During the event, Yayah Muhammad honored Minister Kadir Muhammad, leader of Mosque #4, Sean Muhammad, former leader of the Prince George’s County Study Group, and Jamil Muhammad, former leader of the NOI in Atlanta. Together they have worked to restore peace and order in drug-infested communities in D.C. and across the country.

Dr. Abdul Alim Muhammad, head of the Abundant Life Clinic in D.C., was one of Farrakhan’s key organizers during the 1996 Million Man March, looked over the audience and said, “I am blessed to be with the ones on this stage. I’m blessed to be with the ones in the audience.”

Muhammad talked about the importance of understanding oneself as a precursor to unity. He said in the same way a circle is the sum of equal parts calculated by the pi formula, in every man represents qualities that include: “Perfectionist, helper, performer, artist, thinker, questioner, leader and peacemaker.”

Edward X, a Nation of Islam member who works with young people in Southeast, was the keynote speaker for the event but after three hours of listening to others, he condensed his message to a few powerful points that included, “We don’t know how to be friends with one another.”

“Can we be honest with one another? I did 18 years in prison and we have a mission,” Edward X said. “Minister Louis Farrakhan inspired me to become self-inspired. We have initiated a process but how do we forge unity. … I like what the brother said: We have to be the message.”

In terms of going forward, Yayah Muhammad said they plan to have joint meetings with a variety of Muslim leaders to continue the dialogue.

“This has never been done in the history of time,” he said. “We are going to go into the community to let the community see our unity and change our condition.”

Al-Hajj Iman Sultan M. Abdullah, 73, was one of the last people to leave the Diyanet Center. He opened the event with prayer and was honored by his daughter, who is married to Yayah Muhammad.

Abdullah, who worked with W.D. Mohammed, summarized the event in three words: “It was good.”

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Hamil R. Harris

Hamil Harris is an award-winning journalist who worked at the Washington Post from 1992 to 2016. During his tenure he wrote hundreds of stories about the people, government and faith communities in the Greater Washington Area. Hamil has chronicled the Million Man March, the Clinton White House, the September 11 attack, the sniper attacks, Hurricane Katrina, the campaign of President Barack Obama and many other people and events. Hamil is currently a multi-platform reporter on the Local Desk of the Washington Post where he writes a range of stories, shoots photos and produces videos for the print and online editions of the Post. In addition, he is often called upon to report on crime, natural disasters and other breaking issues. In 2006 Harris was part of a team of reporters that published the series “Being a Black Man.” He was also the reporter on the video project that accompanied the series that won two Emmy Awards, the Casey Medal and the Peabody Award. Hamil has lectured at Georgetown University, George Washington University, Howard University, the American University, the University of Maryland and the University of the District of Columbia. He also lectures several times a year to interns during their semester in the District as part of their matriculation at the Consortium of Christian Colleges and Universities.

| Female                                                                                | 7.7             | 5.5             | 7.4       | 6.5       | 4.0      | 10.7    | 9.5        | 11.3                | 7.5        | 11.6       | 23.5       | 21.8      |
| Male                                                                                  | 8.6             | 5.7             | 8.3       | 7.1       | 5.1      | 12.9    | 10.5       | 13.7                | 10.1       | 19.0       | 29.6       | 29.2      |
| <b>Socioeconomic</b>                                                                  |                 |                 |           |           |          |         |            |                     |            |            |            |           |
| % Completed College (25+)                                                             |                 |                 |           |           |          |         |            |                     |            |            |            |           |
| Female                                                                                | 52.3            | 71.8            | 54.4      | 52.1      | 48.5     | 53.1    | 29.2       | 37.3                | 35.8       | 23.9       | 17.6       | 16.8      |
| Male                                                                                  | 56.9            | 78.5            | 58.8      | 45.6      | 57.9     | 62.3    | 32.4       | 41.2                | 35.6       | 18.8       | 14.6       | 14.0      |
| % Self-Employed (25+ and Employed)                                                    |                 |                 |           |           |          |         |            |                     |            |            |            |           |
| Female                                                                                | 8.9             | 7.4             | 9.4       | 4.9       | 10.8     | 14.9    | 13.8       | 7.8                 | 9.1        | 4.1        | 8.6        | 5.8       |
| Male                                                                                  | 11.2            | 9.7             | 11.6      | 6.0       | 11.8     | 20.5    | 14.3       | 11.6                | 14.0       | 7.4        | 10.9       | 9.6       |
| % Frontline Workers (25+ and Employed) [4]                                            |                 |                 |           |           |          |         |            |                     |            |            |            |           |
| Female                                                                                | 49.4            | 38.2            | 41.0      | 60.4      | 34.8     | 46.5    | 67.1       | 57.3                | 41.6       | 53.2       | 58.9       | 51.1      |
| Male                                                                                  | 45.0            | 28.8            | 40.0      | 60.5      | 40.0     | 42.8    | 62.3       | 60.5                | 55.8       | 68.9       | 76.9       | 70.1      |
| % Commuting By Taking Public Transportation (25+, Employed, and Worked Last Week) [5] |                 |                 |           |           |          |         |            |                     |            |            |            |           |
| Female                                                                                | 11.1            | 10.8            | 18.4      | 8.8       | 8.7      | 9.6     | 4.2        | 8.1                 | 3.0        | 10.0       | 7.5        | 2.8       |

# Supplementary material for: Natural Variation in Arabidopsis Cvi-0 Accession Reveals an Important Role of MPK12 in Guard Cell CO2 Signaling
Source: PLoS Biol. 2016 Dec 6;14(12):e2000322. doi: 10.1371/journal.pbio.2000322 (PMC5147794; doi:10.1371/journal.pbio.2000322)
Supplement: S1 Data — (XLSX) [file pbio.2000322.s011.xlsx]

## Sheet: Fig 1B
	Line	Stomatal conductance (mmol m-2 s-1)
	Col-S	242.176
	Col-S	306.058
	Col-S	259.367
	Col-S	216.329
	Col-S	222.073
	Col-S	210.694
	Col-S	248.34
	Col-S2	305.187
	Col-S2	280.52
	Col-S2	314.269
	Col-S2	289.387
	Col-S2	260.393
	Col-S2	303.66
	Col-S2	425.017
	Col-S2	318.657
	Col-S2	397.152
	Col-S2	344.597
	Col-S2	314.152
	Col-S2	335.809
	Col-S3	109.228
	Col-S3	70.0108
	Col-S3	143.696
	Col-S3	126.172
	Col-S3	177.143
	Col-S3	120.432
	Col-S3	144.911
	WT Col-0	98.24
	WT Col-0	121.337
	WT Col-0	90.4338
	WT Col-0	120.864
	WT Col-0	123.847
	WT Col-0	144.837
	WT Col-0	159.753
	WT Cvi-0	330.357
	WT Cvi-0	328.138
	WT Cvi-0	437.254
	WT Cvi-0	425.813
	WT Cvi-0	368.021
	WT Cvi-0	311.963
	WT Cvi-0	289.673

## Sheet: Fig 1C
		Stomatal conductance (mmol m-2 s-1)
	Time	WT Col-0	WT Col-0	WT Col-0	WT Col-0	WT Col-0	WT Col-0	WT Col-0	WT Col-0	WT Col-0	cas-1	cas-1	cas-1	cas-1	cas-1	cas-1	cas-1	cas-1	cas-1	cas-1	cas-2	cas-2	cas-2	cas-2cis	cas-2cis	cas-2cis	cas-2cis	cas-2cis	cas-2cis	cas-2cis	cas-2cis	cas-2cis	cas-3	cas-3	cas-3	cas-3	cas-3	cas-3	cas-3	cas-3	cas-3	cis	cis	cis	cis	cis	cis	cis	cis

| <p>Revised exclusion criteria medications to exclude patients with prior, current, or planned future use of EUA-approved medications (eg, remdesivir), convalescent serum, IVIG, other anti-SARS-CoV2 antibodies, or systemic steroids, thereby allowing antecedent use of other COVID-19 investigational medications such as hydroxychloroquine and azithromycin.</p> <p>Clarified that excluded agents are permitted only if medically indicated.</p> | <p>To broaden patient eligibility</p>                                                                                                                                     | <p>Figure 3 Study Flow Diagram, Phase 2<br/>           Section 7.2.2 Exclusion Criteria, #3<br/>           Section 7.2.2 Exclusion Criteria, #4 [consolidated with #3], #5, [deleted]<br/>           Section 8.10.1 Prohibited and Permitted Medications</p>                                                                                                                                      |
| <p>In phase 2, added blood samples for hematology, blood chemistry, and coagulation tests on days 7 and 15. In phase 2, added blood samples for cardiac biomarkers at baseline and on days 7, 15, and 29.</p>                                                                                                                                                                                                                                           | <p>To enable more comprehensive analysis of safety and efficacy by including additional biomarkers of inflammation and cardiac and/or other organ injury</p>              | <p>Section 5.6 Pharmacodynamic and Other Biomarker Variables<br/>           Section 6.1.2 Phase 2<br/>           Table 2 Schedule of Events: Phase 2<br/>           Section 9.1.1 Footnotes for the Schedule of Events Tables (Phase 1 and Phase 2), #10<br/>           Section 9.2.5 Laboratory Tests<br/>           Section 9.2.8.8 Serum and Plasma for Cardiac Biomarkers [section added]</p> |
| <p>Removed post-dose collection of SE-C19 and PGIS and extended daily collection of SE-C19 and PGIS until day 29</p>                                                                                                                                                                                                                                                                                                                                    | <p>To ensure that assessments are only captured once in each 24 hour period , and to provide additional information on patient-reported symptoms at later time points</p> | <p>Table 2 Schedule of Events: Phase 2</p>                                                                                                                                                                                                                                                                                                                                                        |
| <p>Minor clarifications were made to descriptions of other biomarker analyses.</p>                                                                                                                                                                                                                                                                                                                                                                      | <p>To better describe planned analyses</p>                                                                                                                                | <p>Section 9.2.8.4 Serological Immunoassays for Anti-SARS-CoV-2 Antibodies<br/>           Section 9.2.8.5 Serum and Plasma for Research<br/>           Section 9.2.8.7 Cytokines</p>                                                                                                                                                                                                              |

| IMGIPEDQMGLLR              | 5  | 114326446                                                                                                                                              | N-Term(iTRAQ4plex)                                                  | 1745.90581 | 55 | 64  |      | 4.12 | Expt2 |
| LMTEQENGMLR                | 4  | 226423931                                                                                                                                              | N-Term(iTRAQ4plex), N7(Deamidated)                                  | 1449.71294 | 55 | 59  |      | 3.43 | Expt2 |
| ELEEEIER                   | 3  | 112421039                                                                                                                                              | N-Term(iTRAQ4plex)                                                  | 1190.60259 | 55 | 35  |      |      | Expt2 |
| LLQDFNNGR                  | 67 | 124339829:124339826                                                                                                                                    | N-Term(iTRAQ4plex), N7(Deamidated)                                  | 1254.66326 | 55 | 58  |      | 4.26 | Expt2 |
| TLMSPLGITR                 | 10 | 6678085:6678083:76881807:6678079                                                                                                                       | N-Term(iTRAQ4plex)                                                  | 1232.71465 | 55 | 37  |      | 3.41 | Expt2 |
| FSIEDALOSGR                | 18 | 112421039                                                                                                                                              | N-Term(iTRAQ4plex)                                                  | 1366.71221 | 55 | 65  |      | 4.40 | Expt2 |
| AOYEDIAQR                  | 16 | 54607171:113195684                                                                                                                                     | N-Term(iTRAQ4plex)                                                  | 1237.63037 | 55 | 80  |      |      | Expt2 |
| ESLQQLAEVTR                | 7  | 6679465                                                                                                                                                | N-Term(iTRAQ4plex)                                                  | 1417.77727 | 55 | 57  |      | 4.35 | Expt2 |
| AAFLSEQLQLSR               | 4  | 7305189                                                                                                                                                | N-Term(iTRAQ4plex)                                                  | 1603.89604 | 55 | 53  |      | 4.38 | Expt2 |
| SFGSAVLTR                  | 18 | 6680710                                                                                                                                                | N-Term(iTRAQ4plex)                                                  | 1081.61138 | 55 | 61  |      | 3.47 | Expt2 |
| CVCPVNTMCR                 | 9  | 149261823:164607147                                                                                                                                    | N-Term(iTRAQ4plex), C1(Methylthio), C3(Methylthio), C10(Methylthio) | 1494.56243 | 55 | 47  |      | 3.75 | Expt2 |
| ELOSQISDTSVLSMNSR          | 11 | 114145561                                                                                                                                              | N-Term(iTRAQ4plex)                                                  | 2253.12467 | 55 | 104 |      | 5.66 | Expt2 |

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2 Comments

  1. this guy is wrong. I assume he is a brother, but think! If Al qaeda had a group here in the US, should we brothers and sisters with them? if the pakistani taliban had a group here, would we be holding hands talking about unity? This is unity with evil. Real Muslims don’t put race over right and wrong. The nation of Islam is a hate cult. holding hand don’t fix nothing. Now this group calling itself sunni has only made their hands dirty.

  2. I am shocked and surprised that an award winning journalist like yourself, did not see fit to include Minister Najee Muhammad, who represented the Honorable Silis Muhammad in your article. The Honorable Silis Muhammad spent 17 years traveling to the United Nations in Geneva to air the plight of his people (Afrodescendants) whose human rights were completely destroyed during our time in chattel slavery. You should review the records of the United Nations and see the testimony of the Honorable Silis Muhammad to the various human rights bodies in the United Nations, which resulted in them recognizing us as Afrodescendants. Also you should contact Minister Najee Muhammad in Washington D.C. so he can give you more information as to how 19 countries decided upon the identity of Afrodescendants, which applies to our people throughout the diaspora. All of the speakers, points of view at the event should be included in a thorough report, as an award winning journalist should know.